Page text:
Posts Chapter 4 Propositions and Their Neighbors
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Chapter 4 Propositions and Their Neighbors

Overview

Philosophers of the realist persuasion have claimed that propositions are also abstract entities. They describe propositions as language-independent and mind-independent abstract entities that function as the objects of acts of assertion/denial and acts of thinking. They are also the referents of that-clauses and they are the primary bearers of truth values.

Those skeptical to this notion claim that we can accommodate all the phenomena of interest without introducing propositions into our ontology.

Some other entities realists state are facts, states of affairs and events.

The Traditional Theory of Propositions

Take the following statement,

(1) Socrates is courageous.

We have looked at this sentence before with a simple look at a subject, Socrates, and some another universal - the property of courage. But a realist will insist that our speaker is doing more than just uttering some words, but they’re performing a referring act. Realists believe that this act of assertion deny that this is some sort of sentence or refers to the objects.

When it comes to an asserting, there must be a required speaker to be identified,

(2) Chris asserts that Socrates is courageous.

With the changed sentence we’ve identified the speaker with a that-clause. This concept also applies to thoughts as well.

(3) Hillary doubts Bill Clinton will be reelected.

The odd aspect of this whole argument by realists is that they have stated that these propositions are language-independent and mind-independent abstract entities. This means that one doesn’t have to think or assert these propositions for them to exist.

Whether there is a proposition has been said or thought, it exists forever and is available to a person to say or think.

These propositional attitudes are bearers of truth values, necessarily or essentially. A proposition like two plus two equals four is necessarily true because it fails to ever be false. Another proposition such as a triangle has four sides is necessarily false because it is impossible to be true. Other propositions such as Trump is President is contingently true because they are true, but as a proposition they could be false. There will be a time when Trump isn’t President and the proposition will no longer be true. The same holds for Trump is the President of France is contingently false because it is false, but there is a possibility it may be true.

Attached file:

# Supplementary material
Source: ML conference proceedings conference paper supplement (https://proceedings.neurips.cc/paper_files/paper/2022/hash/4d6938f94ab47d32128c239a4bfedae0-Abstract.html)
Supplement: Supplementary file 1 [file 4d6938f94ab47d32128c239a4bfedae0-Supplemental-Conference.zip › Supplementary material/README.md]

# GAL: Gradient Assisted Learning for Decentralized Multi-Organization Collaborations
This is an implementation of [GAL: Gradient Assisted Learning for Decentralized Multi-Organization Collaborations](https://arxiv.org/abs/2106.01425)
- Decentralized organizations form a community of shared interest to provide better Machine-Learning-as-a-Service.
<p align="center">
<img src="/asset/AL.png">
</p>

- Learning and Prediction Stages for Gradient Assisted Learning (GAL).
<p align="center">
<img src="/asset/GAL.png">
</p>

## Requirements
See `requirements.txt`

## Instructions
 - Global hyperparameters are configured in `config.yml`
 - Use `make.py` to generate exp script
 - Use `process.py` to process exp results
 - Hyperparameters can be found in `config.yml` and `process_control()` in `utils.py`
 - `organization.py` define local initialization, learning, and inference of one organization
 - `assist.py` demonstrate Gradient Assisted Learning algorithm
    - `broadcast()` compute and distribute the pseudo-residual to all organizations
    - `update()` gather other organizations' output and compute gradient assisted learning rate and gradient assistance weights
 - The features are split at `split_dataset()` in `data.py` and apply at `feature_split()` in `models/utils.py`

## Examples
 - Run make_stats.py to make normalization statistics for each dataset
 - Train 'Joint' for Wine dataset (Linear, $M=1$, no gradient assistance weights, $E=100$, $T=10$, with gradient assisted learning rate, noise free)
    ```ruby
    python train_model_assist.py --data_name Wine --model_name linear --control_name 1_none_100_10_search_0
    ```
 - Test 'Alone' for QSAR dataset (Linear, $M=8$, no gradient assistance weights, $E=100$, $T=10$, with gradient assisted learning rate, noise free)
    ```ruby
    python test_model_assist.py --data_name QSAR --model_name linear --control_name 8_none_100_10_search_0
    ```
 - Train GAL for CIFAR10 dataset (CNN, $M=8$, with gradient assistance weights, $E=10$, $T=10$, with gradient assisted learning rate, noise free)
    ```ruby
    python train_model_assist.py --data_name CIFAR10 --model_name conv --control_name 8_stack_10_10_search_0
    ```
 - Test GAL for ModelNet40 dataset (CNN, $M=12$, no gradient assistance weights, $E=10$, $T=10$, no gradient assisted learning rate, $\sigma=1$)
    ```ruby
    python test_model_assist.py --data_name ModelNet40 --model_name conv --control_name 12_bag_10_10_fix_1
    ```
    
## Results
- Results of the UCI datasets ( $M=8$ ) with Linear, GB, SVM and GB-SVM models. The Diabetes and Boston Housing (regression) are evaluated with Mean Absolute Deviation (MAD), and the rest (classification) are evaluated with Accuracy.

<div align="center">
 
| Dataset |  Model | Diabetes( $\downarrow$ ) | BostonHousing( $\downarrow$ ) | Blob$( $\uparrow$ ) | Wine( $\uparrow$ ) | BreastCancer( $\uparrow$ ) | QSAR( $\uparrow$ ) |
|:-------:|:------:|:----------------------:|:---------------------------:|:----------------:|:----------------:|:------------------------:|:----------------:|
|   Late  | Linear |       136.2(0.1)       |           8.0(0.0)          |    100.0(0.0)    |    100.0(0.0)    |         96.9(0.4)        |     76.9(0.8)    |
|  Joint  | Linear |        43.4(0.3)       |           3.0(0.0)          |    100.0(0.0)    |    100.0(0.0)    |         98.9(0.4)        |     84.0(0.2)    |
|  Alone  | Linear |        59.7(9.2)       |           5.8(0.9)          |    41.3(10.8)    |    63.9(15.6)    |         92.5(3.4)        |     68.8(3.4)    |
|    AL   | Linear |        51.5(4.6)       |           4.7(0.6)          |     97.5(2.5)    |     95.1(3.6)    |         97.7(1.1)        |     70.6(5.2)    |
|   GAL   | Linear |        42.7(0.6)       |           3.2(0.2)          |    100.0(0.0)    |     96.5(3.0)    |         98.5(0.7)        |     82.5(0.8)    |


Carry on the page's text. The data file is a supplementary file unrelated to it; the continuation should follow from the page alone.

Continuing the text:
Nominalism about Propositions

Nominalists have a lot of the same critiques that were discussed in early chapters, such as the bloated ontology and this “two-world” ontology where you have things that aren’t really physical. It’s no surprise that the idea of a proposition as an entity is not something a nominalist likes.

The big critique is the notion that these propositions are merely are merely metalinguistic claims, which are claims about sentences. One argument is the idea of a sentence being used to express a truth and falsehood, that something other than the sentence itself is the primary truth vehicle. Take the sentence,

(4) I am going where you have just been.

In some contexts this will be truth and in others it will be false. Metalinguistic followers deny that this sentence can be any sort of truth vehicle.

Facts, States of Affairs, and Events

Metaphysicians that defend the proposition ontology will often claim there are entities like facts, states of affairs, and events.

Facts: are the things in the world that make true propositions true.

States of Affairs: are things like Big Ben’s being the tallest structure at Westminster. They are situations, the sorts of things that have essentially or necessarily the property of obtaining or failing to obtain. Some states of affair obtain necessarily such as two plus two’s equaling four. Others obtain contingently such as Bill Clinton being a slow runner. Other contingently fail, such as the Patriots winning the Superbowl.

Events: not everyone thinks that events is a separate ontological category from states of affairs, but Donald Davidson has a view. He believes that we need events to function as the terms of the causal relation and to provide an account of the behavior of adverbs in sentences like,

(5) The water boiled quickly in the kitchen this morning.

Notes

I’ll admit that this was a harder chapter to summarize as notes for this page. As it isn’t a big deal to read, but I always find this sort of linguistic based argument to be so convoluted and stupid. I enjoyed the epistemology book that I read, but I’ve found there is more linguistic elements involved in the discussion of metaphysics.

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